|Publication number||US6449084 B1|
|Application number||US 09/567,151|
|Publication date||10 Sep 2002|
|Filing date||9 May 2000|
|Priority date||10 May 1999|
|Publication number||09567151, 567151, US 6449084 B1, US 6449084B1, US-B1-6449084, US6449084 B1, US6449084B1|
|Original Assignee||Yanping Guo|
|Export Citation||BiBTeX, EndNote, RefMan|
|Patent Citations (10), Referenced by (91), Classifications (8), Legal Events (3)|
|External Links: USPTO, USPTO Assignment, Espacenet|
This application claims priority from Provisional application Ser. No. 60/133,495 filed May 10, 1999.
1. Related Field
The present invention relates to an optical device and, more particularly, to an optical deflector that can rapidly change the direction of a light beam based on the electrooptical effect.
2. Description of the Related Art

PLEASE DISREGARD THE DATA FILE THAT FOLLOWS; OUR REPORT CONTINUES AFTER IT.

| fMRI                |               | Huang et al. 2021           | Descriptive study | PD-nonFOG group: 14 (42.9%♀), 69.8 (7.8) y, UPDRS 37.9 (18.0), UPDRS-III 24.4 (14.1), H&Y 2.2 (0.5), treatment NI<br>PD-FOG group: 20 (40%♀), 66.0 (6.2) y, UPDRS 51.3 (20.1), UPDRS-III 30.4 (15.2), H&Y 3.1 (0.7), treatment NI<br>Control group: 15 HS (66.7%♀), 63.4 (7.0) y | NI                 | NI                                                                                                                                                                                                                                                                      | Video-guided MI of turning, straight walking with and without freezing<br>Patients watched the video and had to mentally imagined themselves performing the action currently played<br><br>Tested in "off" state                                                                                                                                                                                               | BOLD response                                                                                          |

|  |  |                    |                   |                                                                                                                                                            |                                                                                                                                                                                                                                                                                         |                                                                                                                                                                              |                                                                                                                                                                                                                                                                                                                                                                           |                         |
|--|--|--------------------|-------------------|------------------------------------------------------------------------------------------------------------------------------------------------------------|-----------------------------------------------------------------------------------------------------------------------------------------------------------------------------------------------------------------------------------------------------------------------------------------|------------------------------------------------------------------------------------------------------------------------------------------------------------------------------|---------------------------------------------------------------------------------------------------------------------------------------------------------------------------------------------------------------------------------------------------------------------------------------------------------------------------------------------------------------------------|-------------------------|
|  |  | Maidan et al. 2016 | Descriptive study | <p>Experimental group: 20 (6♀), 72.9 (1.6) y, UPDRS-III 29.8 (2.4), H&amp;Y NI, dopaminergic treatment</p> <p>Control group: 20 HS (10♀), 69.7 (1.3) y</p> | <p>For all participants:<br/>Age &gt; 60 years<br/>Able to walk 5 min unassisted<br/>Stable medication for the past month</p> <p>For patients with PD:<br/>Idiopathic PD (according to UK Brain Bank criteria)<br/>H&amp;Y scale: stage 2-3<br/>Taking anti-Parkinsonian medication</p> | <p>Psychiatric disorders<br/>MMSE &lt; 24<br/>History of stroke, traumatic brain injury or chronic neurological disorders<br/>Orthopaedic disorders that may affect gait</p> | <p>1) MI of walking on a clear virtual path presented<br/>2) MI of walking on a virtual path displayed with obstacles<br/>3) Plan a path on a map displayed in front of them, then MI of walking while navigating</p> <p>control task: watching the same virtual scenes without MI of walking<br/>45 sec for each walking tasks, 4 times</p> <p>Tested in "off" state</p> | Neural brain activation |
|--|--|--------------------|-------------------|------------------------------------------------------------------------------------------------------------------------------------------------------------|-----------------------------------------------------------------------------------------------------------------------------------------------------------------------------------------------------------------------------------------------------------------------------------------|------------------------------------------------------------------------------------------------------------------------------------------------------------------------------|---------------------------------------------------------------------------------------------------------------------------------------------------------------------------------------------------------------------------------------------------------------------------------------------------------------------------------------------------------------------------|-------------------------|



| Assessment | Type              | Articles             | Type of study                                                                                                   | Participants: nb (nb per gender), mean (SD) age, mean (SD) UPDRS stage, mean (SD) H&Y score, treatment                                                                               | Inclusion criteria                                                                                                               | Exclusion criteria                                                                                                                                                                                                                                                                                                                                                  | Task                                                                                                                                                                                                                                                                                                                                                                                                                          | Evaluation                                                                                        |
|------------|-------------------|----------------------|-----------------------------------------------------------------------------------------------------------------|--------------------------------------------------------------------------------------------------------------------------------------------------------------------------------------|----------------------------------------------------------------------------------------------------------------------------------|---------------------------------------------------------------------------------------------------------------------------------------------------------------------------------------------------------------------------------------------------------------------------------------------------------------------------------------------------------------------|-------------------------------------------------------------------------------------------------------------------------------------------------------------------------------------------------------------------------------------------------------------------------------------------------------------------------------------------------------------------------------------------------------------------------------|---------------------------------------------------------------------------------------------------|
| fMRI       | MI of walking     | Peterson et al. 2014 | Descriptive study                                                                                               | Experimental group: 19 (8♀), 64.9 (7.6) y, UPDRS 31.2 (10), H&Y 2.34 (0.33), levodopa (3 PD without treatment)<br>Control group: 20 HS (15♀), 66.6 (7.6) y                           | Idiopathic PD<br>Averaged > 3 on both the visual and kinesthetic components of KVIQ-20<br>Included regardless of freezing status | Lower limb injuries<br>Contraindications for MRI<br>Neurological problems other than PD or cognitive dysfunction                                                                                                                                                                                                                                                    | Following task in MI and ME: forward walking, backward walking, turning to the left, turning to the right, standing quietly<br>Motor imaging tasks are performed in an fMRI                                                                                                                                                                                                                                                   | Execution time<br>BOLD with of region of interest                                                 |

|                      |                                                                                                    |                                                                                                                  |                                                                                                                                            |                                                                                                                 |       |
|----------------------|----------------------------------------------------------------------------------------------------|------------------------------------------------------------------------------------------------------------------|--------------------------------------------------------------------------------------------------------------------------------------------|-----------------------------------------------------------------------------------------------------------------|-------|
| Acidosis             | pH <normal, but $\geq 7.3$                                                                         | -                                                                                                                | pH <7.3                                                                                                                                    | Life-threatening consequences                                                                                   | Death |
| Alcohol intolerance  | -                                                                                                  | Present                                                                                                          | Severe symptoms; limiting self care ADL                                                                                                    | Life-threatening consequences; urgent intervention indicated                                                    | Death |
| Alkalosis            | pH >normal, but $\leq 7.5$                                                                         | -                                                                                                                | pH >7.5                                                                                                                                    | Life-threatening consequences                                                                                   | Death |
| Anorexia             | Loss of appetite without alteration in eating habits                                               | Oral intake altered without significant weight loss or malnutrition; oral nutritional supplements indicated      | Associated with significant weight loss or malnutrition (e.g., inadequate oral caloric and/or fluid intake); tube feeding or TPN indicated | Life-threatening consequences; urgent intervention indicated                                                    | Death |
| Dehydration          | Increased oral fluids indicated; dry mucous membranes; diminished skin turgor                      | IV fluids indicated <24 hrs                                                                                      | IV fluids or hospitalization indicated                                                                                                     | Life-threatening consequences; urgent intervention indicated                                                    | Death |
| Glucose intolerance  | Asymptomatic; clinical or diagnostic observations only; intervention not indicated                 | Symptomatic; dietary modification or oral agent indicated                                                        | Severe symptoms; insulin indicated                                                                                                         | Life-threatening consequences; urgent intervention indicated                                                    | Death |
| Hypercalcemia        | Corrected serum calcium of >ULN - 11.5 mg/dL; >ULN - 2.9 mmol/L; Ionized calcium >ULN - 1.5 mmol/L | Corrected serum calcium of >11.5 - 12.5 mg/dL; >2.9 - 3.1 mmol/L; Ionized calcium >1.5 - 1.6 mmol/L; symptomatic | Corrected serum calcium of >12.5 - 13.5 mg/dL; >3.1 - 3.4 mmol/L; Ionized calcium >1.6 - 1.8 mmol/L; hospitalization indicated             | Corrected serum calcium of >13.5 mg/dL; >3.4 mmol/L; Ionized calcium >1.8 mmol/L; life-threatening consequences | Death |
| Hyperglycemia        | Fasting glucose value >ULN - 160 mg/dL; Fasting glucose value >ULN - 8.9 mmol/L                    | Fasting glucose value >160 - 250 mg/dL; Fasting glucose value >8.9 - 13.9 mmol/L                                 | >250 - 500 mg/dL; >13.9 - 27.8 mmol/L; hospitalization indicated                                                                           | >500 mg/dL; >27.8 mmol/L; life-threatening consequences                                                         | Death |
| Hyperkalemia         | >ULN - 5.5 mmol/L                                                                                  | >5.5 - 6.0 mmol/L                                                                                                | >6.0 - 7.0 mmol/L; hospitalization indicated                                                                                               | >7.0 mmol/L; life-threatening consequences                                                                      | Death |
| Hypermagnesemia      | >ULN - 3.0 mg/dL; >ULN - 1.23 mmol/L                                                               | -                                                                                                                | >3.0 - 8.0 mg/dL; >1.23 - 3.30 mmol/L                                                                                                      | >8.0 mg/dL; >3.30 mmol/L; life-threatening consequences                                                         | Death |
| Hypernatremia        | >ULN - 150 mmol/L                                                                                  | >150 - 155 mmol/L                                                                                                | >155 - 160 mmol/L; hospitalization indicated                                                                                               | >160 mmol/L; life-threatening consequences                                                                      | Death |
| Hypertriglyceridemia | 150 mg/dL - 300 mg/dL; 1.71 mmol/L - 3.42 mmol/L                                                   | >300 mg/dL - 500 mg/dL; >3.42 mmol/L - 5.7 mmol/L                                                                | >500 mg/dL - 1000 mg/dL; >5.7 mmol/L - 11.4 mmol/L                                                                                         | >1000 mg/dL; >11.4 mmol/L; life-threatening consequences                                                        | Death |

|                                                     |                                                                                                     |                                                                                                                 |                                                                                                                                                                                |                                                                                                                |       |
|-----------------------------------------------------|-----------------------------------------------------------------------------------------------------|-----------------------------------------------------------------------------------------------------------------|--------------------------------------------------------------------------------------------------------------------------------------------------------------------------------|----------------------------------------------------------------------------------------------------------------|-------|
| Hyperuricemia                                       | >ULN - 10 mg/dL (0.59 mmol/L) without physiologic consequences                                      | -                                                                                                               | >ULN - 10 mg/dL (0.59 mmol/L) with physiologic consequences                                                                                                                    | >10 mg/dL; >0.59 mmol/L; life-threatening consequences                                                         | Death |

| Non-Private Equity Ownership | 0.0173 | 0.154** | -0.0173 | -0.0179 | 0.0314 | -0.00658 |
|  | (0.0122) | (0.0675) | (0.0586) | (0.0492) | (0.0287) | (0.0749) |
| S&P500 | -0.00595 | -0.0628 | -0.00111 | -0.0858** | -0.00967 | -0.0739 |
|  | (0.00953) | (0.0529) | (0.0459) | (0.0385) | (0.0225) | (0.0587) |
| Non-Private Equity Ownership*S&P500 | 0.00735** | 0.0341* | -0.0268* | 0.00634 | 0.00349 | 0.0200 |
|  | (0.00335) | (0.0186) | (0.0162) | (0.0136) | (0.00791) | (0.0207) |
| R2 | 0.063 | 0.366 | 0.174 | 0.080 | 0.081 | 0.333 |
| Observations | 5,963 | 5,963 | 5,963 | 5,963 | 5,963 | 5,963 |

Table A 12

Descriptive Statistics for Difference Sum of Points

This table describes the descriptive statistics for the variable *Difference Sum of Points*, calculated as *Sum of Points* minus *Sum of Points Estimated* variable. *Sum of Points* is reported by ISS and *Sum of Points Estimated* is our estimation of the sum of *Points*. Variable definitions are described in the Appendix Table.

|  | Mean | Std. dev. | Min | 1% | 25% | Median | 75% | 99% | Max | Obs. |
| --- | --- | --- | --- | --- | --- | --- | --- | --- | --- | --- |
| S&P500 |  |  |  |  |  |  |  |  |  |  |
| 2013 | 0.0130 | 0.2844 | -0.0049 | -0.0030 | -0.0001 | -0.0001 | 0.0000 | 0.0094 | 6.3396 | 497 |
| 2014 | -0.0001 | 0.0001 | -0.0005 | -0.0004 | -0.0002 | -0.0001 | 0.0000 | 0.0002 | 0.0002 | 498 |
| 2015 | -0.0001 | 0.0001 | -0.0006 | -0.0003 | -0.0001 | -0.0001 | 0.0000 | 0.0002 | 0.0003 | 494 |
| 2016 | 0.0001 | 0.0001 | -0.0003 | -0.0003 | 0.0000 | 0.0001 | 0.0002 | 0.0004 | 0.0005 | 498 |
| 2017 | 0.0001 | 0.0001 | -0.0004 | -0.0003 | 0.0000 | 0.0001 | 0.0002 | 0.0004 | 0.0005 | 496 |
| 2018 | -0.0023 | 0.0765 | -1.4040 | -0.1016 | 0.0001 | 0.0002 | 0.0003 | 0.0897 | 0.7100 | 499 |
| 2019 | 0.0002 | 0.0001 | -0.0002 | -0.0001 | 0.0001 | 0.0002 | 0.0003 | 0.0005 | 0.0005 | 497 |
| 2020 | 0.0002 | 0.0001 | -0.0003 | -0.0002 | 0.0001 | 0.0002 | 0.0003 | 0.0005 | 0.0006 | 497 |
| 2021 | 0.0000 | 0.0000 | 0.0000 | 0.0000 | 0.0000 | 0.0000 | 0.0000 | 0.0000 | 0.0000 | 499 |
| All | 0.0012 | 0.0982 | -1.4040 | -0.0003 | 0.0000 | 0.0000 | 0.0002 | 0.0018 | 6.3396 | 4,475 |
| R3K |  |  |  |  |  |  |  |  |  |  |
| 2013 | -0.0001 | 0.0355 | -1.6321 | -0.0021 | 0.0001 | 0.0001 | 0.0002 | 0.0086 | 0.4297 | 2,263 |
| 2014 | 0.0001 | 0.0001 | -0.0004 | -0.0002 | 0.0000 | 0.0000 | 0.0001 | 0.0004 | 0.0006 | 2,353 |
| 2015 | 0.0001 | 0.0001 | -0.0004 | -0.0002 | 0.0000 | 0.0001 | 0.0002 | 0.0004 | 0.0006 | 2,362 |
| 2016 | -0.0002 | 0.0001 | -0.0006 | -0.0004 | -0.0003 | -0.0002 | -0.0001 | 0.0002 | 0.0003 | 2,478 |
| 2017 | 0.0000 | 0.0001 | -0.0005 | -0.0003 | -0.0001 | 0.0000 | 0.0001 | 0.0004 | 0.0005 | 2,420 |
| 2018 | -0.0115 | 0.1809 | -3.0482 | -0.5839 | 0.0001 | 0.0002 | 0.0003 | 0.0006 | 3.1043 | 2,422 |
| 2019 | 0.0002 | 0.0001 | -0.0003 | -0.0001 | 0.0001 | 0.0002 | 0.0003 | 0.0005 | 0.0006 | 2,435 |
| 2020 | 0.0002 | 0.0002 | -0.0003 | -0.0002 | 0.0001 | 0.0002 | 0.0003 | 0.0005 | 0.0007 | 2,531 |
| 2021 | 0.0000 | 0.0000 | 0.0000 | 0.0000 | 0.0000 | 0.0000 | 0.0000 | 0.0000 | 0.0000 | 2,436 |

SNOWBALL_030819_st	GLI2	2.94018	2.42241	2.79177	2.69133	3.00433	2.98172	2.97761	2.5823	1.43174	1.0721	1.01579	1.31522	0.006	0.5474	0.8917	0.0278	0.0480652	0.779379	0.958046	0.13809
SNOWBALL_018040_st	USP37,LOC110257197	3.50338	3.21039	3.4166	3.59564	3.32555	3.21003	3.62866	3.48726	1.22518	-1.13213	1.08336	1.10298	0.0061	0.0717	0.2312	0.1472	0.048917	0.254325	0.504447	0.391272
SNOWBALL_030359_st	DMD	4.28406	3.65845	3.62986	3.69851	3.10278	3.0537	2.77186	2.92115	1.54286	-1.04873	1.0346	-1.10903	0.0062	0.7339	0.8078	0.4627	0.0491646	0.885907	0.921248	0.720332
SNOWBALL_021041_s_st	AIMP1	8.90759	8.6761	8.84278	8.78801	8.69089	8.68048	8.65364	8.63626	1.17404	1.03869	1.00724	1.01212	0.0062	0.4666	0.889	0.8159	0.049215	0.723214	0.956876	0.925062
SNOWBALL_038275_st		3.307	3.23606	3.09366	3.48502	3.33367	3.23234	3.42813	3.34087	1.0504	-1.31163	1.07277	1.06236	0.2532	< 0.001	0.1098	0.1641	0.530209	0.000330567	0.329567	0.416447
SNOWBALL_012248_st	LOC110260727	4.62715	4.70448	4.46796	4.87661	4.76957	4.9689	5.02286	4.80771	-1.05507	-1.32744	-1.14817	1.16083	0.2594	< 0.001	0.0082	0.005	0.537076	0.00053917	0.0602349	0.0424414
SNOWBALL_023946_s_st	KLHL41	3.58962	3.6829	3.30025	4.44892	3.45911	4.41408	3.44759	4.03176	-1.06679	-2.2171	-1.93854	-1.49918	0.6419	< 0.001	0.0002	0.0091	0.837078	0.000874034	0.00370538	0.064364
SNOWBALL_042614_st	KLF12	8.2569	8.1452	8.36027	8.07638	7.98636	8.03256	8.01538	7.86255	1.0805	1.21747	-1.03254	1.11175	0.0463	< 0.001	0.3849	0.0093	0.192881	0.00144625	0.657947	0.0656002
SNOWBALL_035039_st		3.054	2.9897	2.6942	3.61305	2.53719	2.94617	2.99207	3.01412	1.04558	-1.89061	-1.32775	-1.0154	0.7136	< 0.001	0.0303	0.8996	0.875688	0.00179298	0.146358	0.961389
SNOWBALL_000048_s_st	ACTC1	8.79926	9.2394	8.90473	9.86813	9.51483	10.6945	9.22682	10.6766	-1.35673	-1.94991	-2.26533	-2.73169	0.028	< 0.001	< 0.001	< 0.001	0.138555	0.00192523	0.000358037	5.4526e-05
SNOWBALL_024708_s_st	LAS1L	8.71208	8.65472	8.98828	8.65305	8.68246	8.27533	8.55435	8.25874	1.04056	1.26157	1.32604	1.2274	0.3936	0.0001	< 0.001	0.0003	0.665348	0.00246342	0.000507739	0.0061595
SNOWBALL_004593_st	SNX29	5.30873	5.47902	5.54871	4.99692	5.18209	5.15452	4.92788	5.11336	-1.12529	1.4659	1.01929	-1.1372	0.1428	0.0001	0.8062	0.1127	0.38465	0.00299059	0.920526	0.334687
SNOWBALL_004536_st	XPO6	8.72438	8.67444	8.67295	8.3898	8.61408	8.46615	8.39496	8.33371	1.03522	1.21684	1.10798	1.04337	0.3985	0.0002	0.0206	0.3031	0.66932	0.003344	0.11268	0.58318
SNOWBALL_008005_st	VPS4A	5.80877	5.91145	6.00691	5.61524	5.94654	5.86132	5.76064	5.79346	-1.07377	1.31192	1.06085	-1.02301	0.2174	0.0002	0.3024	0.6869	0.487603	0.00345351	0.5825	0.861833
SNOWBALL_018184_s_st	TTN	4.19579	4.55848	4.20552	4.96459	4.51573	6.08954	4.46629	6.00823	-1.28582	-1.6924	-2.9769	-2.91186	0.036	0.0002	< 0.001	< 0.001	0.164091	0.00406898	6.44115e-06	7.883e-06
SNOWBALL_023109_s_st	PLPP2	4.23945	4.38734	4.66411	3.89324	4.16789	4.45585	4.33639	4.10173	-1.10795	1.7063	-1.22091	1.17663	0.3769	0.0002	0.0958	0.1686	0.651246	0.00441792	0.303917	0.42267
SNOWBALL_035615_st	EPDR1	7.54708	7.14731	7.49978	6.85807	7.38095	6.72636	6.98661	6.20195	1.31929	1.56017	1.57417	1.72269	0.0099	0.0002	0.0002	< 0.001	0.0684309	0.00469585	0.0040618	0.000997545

Two of the major aspects that can characterize our information age are Internet and virtual reality. In order to meet the demand of exponential growth in data bandwidth, Internet development has been moving rapidly toward the direction of all-optical networking. The bottleneck to the realization of true all-optic networking is mainly the lack of an optical deflector or switch that can quickly route optical signals to different optical fibers or channels. Meanwhile, the advancement in virtual reality depends on the capability of high fidelity image display. One potential approach to achieving high fidelity image display is to form the image directly on the retina, which, too, depends on the breakthrough of optical deflector technology, so that an image-modulated light beam can scan the retina at high speed with high resolution.